Ronald dela Rosa, head of the Philippine National Police, reckons that since his boss, President Duterte, took office at the end of June, almost 2,000 people have been killed in the current crackdown on drugs. Of that number, he has said that police were responsible for killing 756 drug suspects. Speaking last Tuesday before the Senate, the police chief was quick to emphasize that there was no official policy to kill drug users and peddlers. After all, he stated, police were “not butchers.”
The number of killings is not a measure of success. It is a tragedy.
I am curious to know what officials like Senator Juan Ponce Enrile, Senator Panfilo ‘Ping’ Lacson, or former Presidents Fidel V. Ramos and Joseph Estrada, might be thinking right now. Perhaps they should speak up. This bloody war on drugs should be sounding horribly familiar to them.
In the early 1970s, Enrile was chief of the Department of National Defense, Ramos was heading the Philippine Constabulary and Integrated National Police (PC-INP), and heroin was the fashionable drug. According to official police figures, there were about 150,000 heroin users in the country. Since heroin abuse at the time was largely prevalent among the moneyed children of Manila’s elite who could afford the expensive habit, there was nationwide panic. The middle and upper classes called on the government to act swiftly. Marcos, who was elected on a law and order mandate much like Duterte, his political descendant, passed strong narcotics laws and set up the Constabulary Anti-Narcotics Unit (CANU) on the advice of Enrile and Ramos.
As Alfred W. McCoy describes in his book Policing America’s Empire, the CANU was successful in identifying members of Chinese drug syndicates and the Manila operations of major heroin-making laboratories, but corrupt officials, from congressmen and customs officers to police, bribed to take a cut or a blind eye, hampered prosecutions. The Unit did manage to catch one big fish. A Chinese businessman, Lim Seng, a top heroin trafficker, was executed to great fanfare.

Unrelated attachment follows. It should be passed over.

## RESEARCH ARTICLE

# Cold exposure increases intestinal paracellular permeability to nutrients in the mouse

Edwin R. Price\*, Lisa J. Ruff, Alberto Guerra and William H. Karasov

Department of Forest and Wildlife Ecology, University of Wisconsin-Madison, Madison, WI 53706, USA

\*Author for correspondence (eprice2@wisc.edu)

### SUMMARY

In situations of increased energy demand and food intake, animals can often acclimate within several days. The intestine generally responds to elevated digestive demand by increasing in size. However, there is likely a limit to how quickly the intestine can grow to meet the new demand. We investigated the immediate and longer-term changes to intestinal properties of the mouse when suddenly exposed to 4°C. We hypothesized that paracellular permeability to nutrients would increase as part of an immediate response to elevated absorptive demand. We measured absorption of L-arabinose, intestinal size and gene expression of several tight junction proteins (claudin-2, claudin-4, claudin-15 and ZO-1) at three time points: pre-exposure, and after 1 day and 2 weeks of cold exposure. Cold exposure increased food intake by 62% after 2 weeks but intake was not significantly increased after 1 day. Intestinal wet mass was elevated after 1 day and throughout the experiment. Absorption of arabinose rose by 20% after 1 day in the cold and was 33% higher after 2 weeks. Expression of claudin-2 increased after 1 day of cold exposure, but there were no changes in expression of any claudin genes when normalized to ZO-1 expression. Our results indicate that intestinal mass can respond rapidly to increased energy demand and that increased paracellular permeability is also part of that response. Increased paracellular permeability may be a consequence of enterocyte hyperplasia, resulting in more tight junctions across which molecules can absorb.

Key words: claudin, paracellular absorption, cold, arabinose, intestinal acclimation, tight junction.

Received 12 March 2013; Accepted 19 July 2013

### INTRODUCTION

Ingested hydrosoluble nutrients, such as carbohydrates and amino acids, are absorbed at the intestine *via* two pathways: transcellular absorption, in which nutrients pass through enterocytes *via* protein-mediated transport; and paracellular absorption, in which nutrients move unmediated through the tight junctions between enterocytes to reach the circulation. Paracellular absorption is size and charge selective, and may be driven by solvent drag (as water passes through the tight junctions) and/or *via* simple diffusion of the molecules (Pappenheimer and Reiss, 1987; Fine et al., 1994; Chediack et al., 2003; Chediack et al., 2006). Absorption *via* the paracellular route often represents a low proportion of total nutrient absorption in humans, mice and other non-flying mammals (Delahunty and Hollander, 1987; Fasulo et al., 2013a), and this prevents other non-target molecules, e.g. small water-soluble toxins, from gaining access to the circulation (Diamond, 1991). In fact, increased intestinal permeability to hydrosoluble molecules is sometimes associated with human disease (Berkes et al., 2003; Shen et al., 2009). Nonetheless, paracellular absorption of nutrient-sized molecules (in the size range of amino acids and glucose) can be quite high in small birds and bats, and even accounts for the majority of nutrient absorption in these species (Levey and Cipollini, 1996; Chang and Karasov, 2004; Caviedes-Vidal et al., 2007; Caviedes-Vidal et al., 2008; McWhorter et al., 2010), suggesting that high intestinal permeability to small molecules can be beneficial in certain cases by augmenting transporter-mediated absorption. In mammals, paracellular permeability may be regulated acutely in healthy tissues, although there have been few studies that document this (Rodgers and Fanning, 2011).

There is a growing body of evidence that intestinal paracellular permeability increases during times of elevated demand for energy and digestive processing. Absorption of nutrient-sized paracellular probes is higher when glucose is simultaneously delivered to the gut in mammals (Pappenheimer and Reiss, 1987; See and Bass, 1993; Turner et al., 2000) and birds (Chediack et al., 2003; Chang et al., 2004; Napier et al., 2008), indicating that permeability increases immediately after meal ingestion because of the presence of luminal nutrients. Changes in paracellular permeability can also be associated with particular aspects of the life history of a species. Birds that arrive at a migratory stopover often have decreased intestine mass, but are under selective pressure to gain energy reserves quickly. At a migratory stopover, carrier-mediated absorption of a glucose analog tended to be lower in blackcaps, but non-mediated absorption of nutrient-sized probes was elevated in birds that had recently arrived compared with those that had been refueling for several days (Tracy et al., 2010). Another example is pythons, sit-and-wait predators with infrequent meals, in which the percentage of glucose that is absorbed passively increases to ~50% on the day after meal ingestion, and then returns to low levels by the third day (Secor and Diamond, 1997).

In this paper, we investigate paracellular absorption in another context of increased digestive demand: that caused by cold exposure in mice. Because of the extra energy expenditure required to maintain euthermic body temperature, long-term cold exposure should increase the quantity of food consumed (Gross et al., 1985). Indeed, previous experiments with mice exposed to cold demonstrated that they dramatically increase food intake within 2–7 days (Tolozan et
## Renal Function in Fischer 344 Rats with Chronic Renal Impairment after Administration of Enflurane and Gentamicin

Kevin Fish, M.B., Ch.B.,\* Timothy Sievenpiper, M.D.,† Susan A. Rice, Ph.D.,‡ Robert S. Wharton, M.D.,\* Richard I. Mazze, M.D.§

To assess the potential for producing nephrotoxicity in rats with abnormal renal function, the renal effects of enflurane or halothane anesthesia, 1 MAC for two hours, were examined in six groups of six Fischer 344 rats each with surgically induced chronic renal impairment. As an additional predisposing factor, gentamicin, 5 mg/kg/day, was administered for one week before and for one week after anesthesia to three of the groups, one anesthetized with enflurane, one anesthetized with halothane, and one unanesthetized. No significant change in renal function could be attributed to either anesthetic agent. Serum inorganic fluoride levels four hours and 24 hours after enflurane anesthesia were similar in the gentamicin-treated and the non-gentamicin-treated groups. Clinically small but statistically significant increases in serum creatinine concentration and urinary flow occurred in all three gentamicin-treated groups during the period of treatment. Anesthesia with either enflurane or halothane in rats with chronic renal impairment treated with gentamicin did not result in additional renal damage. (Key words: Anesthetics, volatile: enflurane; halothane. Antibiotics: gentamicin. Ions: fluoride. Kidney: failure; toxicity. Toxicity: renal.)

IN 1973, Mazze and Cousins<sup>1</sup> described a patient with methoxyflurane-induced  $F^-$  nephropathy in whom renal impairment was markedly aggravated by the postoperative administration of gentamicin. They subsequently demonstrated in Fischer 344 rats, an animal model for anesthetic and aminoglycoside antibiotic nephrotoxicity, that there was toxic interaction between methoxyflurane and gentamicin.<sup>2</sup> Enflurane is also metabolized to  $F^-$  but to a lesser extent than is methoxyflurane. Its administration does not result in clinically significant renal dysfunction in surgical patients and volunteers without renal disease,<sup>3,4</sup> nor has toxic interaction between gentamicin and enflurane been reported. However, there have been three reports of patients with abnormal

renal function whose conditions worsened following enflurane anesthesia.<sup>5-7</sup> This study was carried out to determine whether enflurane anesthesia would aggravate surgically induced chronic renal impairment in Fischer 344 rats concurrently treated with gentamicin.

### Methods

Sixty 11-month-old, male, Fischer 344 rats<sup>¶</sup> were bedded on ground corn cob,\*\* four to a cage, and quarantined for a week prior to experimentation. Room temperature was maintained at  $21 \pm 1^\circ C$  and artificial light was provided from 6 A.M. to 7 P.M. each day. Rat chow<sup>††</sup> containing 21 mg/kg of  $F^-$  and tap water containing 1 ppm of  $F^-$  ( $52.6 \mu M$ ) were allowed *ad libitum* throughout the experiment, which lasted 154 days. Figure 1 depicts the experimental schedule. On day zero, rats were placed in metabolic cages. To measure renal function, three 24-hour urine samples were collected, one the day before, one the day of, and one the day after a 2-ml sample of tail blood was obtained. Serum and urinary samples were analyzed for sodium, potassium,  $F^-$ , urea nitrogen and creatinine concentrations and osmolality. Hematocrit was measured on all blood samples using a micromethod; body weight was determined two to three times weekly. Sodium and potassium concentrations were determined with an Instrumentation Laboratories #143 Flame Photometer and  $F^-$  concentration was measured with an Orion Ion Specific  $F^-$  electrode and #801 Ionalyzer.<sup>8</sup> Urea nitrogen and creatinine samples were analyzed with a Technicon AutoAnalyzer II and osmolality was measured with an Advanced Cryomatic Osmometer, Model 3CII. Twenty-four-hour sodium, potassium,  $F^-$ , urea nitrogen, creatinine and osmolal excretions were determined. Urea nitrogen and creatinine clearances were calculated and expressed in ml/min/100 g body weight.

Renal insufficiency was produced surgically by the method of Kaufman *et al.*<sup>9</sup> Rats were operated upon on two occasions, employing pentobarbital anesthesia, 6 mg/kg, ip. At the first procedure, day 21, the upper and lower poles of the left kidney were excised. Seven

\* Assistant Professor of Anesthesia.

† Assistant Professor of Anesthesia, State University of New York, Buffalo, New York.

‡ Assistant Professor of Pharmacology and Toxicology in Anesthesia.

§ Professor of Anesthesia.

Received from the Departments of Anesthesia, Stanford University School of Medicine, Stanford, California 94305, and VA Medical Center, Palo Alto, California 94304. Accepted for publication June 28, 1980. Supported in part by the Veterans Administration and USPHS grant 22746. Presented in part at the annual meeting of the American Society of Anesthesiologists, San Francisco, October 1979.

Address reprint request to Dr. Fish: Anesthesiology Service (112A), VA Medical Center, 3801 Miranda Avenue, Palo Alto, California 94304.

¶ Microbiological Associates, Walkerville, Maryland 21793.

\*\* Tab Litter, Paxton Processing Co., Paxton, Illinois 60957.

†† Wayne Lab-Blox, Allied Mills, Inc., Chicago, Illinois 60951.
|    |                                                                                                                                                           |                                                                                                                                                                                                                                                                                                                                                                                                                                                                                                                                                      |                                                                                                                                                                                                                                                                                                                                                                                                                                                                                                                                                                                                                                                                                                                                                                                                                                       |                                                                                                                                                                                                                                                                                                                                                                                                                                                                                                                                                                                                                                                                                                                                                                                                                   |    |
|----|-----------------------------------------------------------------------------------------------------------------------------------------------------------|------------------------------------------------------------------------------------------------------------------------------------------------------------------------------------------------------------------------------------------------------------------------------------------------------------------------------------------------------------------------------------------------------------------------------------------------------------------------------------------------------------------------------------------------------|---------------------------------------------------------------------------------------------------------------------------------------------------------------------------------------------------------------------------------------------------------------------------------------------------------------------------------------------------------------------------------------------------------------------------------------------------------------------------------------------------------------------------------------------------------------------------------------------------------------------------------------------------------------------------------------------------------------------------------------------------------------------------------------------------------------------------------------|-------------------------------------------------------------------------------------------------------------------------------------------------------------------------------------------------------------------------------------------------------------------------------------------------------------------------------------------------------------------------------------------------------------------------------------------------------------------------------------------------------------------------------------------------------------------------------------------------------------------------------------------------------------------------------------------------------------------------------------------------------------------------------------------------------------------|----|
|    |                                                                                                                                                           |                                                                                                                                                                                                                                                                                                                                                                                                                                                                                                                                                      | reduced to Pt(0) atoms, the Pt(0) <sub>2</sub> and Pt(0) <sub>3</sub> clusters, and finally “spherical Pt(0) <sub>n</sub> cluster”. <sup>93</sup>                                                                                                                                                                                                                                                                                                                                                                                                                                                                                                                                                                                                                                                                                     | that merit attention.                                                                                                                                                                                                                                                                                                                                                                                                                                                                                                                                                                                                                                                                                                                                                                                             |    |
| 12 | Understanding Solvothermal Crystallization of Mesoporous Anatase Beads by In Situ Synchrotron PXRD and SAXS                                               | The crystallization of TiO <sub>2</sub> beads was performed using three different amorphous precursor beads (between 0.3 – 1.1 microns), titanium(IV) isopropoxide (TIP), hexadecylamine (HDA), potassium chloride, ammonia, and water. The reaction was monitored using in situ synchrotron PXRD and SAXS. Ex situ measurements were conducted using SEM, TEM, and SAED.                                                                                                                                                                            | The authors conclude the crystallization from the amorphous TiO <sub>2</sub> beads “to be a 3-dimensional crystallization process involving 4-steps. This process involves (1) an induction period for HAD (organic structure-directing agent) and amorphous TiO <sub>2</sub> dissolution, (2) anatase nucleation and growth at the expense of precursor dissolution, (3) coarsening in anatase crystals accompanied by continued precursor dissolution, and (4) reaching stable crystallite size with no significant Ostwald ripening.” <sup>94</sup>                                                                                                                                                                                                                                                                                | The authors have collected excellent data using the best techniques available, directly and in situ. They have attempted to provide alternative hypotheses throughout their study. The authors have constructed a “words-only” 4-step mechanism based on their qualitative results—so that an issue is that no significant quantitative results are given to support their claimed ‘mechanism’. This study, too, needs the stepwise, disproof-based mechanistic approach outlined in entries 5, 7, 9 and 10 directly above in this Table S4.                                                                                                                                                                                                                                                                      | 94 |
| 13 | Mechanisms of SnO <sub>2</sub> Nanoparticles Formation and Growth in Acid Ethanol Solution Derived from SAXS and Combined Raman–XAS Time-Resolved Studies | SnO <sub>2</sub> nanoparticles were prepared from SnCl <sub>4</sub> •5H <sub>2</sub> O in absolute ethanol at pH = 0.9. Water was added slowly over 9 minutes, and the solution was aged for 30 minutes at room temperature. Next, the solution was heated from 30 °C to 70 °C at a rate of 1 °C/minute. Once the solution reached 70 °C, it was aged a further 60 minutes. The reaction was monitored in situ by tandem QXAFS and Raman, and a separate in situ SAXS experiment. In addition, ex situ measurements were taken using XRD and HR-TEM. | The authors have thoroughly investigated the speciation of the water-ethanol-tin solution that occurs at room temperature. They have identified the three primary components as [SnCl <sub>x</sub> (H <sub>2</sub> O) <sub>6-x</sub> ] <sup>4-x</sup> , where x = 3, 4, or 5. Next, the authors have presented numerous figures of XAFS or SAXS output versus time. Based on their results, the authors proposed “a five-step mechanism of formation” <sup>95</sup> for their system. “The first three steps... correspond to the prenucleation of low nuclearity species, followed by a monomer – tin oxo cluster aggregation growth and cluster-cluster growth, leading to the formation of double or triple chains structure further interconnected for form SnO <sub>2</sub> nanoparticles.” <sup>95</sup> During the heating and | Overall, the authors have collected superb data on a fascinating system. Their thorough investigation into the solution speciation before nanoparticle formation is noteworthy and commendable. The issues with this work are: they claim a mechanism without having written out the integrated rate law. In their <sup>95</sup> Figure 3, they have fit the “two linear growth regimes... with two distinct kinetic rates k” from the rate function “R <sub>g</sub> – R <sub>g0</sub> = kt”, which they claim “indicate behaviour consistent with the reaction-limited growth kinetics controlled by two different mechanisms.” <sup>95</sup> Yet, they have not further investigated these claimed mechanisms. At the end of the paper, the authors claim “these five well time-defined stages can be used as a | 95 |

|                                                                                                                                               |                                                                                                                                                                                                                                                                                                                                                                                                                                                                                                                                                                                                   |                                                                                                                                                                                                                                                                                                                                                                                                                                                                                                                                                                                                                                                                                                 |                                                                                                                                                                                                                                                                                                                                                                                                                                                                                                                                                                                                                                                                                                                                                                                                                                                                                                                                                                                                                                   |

It did little to satisfy wealthy families, however, who remained incensed and desperate. They banded together and formed a secret organization – KAP, or Kill A Pusher, that targeted suspected heroin dealers for assassination. Adding to the climate of moral panic over drugs was the fear and disorder fomented by the spate of bombings that occurred all over Metro Manila.
In 1998, Joseph ‘Erap’ Estrada was swept to power on a populist platform of anti-poverty and law and order. As head of the presidential task force against organized crime formed under Ramos, his predecessor, Estrada had proved himself to be adept at orchestrating bloody campaigns against the robberies and kidnappings that were terrorizing Filipino and Chinese business elite.
As President, he too contended with the scourge of drugs. This time, heroin was out and shabu, methamphetamine hydrochloride, the drug of choice for the poor, jobless and uneducated, was most definitely in. Estrada pronounced shabu to be “public enemy number one” and the Catholic Bishops’ Conference couldn’t agree more, backing the President’s war against drugs. Estrada vowed to rid the country of drug trafficking within six months. How familiar can all this get?